John Gardner once wrote, “If there is good to be said, the writer should say it. If there is bad to be said, he should say it in a way that reflects the truth that, though we see the evil, we choose to continue among the living.”
While I couldn’t agree more with Mr. Gardner, I’ve always shirked that singular brand of writing known to many as “inspiration porn,” whose narratives serve to capitalize on human suffering in a way that renders despair somehow a romantic endeavor. It’s very easy for these kinds of tales to lapse into maudlin territory in the wrong hands, to cheat the characters (and therefore the reader) by milking the darkness a little too efficiently, commodifying pain before magically converting it into some perfect, karmic recompense so our tears may flow as we celebrate another triumph of the human spirit!
These tearjerkers aren’t always easy to spot, but usually you can sniff the saccharine sentimentality and too-pat plot device of one (wo)man versus insurmountable odds. In short, there’s a kind of story that doesn’t quite ring true to the reality of the world we live in. It means well, of course, and while it does offer us some distorted glimpse of evil—in the way a trick mirror in a funhouse offers some semblance of reflection—it doesn’t dare flash us the full face of the monster.
Yet, there are some books that remain honest, whose pages stand as a testament to (wo)man’s incredible resiliency to exquisite, unimaginable agonies without dramatically minimizing or magnifying the struggle.
Here are a few of them (in my humble estimation).
1. The Count of Monte Cristo by Alexandre Dumas
And now, farewell to kindness, humanity and gratitude… I have substituted myself for Providence in rewarding the good; may the God of vengeance now yield me His place to punish the wicked. —Edmond Dantes
Dumas’ classic serialized saga of revenge may at first seem like a superficial choice, what with its swashbucklery and exotic allure of pirates, prison breaks, and pistol ball smoke. But its adventure-y exterior belies a dark tale of cosmic injustice, rage against God, and man’s capacity for violence. Who of us, like our protagonist Edmond Dantes, hasn’t felt as though we were being punished for no reason, karmically spanked in spite of our innocence? Who of us hasn’t fantasized about all the nasty things we’d do to whatever force was responsible for our unearned abuse? While Dantes is down in that dungeon, fading fast from the memory of everyone who’s ever known him, so are we. We feel first time’s cruel, constricting grip on him and then, eventually, the terrifying absence of it. We feel his every screamed prayer to nothing and no one, his worn down bloody fingernails gone missing from scratching the ancient walls of his cell, his primal rage against man, nature, time, and God. Then, when he finally escapes, we feel the pure ice-joy with which he pursues his retribution with calculating, clockwork precision. He is the vessel through which we may channel our own sins, secret schemes for revenge, and blinding rage against fate. And at last, when he comes to the realization that he is wrong to have, “like Satan, believed himself for an instant to be equal to God…[that] supreme power and wisdom are in the hands of God alone,” we feel our own capacity for something better—for if Dantes had it that bad and could come again to know compassion, why can’t we?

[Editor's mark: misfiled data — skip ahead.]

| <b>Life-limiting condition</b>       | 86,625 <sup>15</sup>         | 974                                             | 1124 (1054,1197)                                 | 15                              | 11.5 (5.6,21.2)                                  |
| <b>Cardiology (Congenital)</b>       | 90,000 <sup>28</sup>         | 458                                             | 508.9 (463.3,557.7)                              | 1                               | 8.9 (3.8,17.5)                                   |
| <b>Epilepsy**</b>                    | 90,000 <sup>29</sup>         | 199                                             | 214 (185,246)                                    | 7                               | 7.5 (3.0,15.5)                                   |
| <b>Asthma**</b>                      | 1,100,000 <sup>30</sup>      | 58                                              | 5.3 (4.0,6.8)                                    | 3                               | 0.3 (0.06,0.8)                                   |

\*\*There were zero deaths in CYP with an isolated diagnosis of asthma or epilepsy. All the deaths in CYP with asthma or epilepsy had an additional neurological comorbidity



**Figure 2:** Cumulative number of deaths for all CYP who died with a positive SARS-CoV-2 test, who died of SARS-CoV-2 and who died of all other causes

2. A Grief Observed by C.S. Lewis
Her absence is like the sky, spread over everything. But no, that is not quite accurate. There is one place where her absence comes locally home to me, and it is a place I can’t avoid. I mean my own body. It had such a different importance while it was the body of H.’s lover. Now, it’s like an empty house. —C.S. Lewis
Clive Staples Lewis, more widely known as C.S., was a Christian theologian whose pastime just happened to involve penning fantastical epic allegories about deific lions, white witches, and magical wardrobes. But for me, his most enduring work is his most vulnerable, A Grief Observed, a thorough meditation on the loss of his wife gathered from four notebooks he kept during his grieving period following her passing. In these pages one can see, more clearly than in any of his other works, his faith put to the ultimate test, as he gropes in the dark to answer the seemingly unanswerable: Why would a loving God take from me my beloved? It is, I know, his most human book, because we see in his words the portrait not of a famous theologian whose spiritual logic is unshakeable, but the portrait of a man whose spiritual logic is quickly unraveling, crumbling away, melted by the steady rains of sorrow. We see a man struggling with his definition of God (“Not that I am in much danger of ceasing to believe in God. The real danger is of coming to believe such dreadful things about Him. The conclusion I dread is not ‘So there’s no God after all,’ but ‘So this is what God’s really like. Deceive yourself no longer.”) You would think it the ultimate bummer, I know, but it’s actually refreshing seeing a man of such incorruptible faith and dizzying intellect battling doubt and braving so thoughtfully the sharp teeth of bereavement.
3. Marabou Stork Nightmares by Irvine Welsh
It’s only now that I realize that behaviour always has a context and precedents, it’s what you do rather than what you are, although we often never recognise that context or understand what these precedents are. —Roy Strang